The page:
After Lynn's autopsy, her father insisted on seeing his daughter's body. Carl told the police that he wanted "to see every mark on her, where he drug her in the driveway and all the skinned-up parts on her knees and elbows, and every damn bullet hole. I want to see every scrape and every bruise. I want to remember in case I ever get soft on this thing. 'I want to remember, by God, that's what this bastard did to my daughter.' It was awful, but I have never regretted doing it.'"

Why would a convicted serial killer on Florida's death, who had exhausted his legal appeals, boost in letters about rapes and murders -- knowing his words would outrage the public?

Gore, who has put down his pen and is now keeping silent, might have provided a clue when he wrote this passage to Ciaglia:

...I don't think a serial killer really has a choice. They may be able to suppress their desire and urges, but if genes play a part, how do you change your genes? Even people who know it's wrong are powerless against it... I've never tried to hide from who I am. I've always known there was something inside of me that made me different...I'd be at a friend's house sometimes and I'd be seeing his wife and I'd be thinking -Damn, I'd like to [rape and kill] her -- and immediately after thinking that, I'd say to myself - Why am I thinking this? - you see, I'd know it wasn't right, but it was there lurking just beneath the surface, always on my mind...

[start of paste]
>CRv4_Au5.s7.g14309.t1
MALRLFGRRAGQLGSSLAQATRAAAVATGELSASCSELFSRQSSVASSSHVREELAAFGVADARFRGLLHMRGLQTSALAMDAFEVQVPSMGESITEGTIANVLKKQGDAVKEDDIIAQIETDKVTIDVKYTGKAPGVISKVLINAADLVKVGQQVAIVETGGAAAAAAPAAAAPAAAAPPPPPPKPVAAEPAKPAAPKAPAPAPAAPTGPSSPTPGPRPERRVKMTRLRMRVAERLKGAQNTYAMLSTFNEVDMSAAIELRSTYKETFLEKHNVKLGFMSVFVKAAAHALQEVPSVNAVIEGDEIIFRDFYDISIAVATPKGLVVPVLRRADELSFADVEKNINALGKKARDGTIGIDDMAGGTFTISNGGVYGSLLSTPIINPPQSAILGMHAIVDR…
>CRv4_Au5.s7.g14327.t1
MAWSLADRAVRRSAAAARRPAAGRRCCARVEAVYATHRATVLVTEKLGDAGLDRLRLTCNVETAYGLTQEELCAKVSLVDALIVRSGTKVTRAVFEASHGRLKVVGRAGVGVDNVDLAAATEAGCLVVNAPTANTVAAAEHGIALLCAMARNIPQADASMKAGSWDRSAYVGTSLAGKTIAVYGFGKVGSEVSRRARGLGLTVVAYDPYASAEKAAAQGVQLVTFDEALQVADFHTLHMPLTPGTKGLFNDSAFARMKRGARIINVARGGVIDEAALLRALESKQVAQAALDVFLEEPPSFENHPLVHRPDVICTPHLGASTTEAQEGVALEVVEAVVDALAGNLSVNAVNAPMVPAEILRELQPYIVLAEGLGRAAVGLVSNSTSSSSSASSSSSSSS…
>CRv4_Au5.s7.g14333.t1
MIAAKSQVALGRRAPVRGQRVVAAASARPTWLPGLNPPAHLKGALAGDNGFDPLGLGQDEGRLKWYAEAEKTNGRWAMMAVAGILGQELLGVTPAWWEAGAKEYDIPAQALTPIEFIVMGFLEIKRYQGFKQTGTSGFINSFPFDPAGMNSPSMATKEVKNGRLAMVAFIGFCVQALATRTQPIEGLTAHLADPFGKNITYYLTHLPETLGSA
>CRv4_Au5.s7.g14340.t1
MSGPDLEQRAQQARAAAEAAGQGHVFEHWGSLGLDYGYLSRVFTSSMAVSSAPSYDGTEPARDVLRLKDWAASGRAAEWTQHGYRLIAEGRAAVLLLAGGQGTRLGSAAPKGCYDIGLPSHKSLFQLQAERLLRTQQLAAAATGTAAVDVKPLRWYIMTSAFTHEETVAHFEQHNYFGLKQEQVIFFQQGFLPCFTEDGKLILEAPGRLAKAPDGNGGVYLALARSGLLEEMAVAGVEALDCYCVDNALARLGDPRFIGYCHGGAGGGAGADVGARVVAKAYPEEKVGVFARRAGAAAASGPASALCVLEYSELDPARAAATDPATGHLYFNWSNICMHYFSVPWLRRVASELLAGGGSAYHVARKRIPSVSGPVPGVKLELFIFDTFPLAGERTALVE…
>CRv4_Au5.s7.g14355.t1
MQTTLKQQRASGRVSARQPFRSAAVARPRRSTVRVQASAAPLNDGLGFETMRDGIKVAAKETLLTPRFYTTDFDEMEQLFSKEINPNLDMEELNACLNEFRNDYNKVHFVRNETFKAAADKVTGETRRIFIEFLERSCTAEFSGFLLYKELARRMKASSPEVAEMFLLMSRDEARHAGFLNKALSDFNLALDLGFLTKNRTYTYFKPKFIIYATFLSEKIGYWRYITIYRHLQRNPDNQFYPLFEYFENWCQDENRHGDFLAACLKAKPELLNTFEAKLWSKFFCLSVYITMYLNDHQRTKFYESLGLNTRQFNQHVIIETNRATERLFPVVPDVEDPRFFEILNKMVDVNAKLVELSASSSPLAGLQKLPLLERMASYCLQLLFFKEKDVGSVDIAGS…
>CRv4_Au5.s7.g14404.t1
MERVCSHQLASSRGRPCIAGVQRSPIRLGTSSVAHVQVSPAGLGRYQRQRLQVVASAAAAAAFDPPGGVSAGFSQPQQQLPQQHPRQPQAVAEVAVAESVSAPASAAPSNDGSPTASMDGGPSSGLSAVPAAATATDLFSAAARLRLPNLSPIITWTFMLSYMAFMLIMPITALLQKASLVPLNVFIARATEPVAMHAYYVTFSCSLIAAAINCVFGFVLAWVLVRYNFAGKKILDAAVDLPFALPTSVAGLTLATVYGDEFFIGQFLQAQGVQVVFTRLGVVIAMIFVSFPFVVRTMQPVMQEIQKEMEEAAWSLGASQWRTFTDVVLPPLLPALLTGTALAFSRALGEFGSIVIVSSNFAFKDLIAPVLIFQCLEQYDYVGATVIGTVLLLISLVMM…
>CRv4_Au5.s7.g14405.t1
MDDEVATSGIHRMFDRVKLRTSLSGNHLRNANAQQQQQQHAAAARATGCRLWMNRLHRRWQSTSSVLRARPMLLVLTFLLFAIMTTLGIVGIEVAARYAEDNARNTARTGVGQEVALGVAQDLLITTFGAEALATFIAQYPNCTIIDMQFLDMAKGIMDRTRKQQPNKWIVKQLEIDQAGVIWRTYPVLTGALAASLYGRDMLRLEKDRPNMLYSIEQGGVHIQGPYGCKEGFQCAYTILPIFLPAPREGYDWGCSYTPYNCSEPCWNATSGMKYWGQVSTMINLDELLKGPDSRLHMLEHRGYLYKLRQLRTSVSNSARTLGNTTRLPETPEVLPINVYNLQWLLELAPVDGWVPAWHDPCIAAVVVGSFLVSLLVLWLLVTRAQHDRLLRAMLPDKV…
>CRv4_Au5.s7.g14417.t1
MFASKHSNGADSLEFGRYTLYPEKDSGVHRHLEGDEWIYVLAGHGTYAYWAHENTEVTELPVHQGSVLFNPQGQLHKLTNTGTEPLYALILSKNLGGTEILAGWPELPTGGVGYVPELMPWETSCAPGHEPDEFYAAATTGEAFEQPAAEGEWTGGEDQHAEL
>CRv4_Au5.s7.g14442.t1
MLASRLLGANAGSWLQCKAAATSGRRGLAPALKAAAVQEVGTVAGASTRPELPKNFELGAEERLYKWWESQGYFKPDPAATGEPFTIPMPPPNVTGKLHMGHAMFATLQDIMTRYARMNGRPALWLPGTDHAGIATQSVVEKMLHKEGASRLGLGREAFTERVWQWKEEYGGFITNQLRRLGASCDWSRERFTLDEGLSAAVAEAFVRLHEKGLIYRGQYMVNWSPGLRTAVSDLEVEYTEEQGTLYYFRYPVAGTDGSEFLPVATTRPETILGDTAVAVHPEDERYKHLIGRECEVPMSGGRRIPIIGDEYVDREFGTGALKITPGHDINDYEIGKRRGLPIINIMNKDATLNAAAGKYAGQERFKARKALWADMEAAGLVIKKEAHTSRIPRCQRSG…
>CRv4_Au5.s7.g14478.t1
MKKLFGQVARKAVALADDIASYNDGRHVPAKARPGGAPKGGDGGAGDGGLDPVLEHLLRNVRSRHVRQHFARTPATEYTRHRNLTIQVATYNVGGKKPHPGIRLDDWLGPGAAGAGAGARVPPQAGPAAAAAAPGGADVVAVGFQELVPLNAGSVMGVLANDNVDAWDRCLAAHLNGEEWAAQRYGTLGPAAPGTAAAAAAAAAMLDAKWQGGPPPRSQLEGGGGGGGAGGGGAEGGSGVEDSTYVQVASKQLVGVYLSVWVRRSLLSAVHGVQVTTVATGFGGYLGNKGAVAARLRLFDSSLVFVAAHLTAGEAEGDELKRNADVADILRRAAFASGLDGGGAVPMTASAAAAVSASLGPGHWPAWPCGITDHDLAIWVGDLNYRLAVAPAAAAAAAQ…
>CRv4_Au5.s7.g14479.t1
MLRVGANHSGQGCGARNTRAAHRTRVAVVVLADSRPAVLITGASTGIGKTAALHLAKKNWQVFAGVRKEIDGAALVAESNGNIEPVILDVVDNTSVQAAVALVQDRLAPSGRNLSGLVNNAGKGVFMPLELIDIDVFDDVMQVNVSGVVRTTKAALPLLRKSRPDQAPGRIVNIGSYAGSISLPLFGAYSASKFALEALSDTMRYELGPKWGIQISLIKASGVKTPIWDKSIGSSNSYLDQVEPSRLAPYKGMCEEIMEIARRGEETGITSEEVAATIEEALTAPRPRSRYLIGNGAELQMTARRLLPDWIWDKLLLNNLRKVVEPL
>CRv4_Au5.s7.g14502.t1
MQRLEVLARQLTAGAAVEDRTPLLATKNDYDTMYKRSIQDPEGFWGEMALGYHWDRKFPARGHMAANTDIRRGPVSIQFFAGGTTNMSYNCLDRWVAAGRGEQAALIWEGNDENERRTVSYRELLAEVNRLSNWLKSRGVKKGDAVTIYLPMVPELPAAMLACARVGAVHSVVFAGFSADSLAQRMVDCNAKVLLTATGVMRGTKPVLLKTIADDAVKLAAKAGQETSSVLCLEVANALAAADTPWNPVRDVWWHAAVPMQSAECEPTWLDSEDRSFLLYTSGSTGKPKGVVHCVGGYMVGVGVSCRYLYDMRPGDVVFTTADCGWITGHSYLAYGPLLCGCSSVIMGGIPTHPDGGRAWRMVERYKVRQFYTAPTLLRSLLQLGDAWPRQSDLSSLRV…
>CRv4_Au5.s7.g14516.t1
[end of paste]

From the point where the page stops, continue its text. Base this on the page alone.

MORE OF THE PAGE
He couldn't help himself.

You can read more about the serial killers' letters at